An album of fragility and ethereality to relax into whenever stress levels peak.
Mike Diver 2011-02-03
A product of New York’s Tisch School of the Arts, Brooklyn singer-songwriter Lia Ices is a talent worthy of comparison to The xx. Both have roots in studied composition, with the Mercury winners first exploring their craft while at London’s Elliott School; and both now create music that is restrained and regal, all shadows and glass, fragility and ethereality.
The two are not exactly soundalikes – there’s more of the Cat Powers, St Vincents and Glassers of this world about Ices – but the trajectory they ultimately take could prove to be similar. The xx have broken the mainstream, but it took time. Grown Unknown, Ices’ second long-player and first for the Jagjaguwar label, gradually creeps into the system, slipping under the skin, infecting the blood. It might well be one of 2011’s finest sleeper hits, a record that finds its commercial stride a little down the line, perhaps courtesy of a well-placed sync (there’s potential aplenty). Time will tell. For now, it’s likely to be heard, and loved, as an individual’s special secret, an album to share only with those closest.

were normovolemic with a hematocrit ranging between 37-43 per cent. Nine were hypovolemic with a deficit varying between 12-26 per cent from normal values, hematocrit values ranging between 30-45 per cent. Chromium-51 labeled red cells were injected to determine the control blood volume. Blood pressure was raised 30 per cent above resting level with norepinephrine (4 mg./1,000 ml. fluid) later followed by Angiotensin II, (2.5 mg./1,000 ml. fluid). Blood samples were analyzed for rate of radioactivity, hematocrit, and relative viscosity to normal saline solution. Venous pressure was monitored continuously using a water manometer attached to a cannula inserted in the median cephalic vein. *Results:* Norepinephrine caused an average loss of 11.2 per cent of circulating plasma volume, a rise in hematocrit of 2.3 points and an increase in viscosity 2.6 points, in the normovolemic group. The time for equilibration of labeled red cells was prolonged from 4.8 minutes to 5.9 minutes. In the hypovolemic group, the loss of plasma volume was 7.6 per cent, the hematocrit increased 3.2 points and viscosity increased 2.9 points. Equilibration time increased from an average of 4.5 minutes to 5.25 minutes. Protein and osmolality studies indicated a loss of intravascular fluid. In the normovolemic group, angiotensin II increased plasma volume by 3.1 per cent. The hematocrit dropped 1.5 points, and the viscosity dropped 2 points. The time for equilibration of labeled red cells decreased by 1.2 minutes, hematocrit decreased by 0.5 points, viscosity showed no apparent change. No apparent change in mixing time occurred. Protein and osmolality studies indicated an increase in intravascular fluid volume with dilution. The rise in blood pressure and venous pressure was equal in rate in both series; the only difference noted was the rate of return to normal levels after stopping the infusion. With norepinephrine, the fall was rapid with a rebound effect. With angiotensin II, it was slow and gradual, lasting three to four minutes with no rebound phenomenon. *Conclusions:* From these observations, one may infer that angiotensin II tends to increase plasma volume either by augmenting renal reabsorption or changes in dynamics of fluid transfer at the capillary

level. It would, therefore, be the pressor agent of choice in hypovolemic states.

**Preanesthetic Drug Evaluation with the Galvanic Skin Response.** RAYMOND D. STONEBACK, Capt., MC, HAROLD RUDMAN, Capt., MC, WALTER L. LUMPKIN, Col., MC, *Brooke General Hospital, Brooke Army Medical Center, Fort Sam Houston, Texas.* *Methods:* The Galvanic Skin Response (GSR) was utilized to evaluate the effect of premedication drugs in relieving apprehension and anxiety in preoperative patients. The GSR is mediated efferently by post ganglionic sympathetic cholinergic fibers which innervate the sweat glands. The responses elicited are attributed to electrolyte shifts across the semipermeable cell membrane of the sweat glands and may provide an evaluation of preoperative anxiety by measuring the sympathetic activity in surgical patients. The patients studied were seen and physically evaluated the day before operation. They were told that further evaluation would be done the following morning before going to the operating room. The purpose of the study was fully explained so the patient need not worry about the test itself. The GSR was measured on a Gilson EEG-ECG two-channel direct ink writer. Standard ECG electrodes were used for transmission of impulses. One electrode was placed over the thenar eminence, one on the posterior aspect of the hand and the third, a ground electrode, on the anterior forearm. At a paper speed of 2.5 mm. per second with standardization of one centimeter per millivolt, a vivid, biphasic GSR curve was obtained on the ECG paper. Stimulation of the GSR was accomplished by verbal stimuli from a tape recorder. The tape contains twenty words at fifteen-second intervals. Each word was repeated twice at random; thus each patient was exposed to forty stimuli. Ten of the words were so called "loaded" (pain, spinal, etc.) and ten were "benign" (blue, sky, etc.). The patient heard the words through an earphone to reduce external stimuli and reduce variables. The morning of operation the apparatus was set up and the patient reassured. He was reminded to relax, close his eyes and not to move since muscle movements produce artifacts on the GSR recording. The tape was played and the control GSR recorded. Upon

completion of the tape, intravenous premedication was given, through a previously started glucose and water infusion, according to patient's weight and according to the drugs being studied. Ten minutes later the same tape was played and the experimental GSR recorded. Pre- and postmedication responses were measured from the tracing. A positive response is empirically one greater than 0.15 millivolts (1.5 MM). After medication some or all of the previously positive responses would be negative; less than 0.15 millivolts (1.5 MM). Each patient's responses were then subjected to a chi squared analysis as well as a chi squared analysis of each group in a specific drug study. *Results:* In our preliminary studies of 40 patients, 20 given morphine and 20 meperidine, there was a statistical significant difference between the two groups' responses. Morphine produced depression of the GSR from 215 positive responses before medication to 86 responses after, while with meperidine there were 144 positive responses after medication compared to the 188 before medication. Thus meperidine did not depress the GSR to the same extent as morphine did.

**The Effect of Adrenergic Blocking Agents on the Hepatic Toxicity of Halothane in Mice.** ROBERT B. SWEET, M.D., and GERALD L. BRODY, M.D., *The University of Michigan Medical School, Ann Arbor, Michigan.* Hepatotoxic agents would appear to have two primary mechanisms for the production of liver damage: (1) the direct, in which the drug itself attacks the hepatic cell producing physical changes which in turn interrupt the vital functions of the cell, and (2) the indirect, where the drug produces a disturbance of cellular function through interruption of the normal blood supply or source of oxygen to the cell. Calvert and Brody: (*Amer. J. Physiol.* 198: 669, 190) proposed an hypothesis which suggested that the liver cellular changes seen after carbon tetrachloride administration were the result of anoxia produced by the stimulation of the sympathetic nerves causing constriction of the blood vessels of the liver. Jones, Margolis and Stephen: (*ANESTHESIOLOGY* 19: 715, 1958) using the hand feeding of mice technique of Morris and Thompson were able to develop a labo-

Where so many female vocalists fronting arrangements of shimmering synths and warm textures can become too detached from the terrestrial realm, harmonising into the ether rather than anyone’s soul, Ices’ approach is pleasingly direct. Her words are delivered clearly, and she’s not afraid to lay out her feelings for public analysis – the packaging contains sing-along-at-home lyrics. There are some predictable-enough adventures in ambiguity and commonplace metaphor, but while lines like "I’d hate to leave you while we still combine" (Ice Wine) and "Exhale your spirit poem" (Bag of Wind) are clunky on paper, they’re never anything but affecting on record.
There are deviations from the celestial template – but none so dramatic that they upset the flow of these nine songs. The hand-clapped intro to the title-track stirs thoughts of The Knife, and the bells and autoharp of After Is Always Before, combined with marching percussion, shift the mood to a rather more excitable state. But everything sits comfortably in the presented sequence, and the one guest vocalist, Bon Iver’s Justin Vernon, acts as more of a back-up singer than a duet partner on Daphne.
Like Vernon’s For Emma, Forever Ago LP, much of Grown Unknown was recorded far from the bustle of city living – in this case Rhinebeck, with a population of around 4,000. And its maker’s escape from the hubbub is perfectly captured, sonically – (basic) space explored and conveyed. An album to relax into, over weeks and months, this is one many will be coming back to whenever stress levels flit into the red.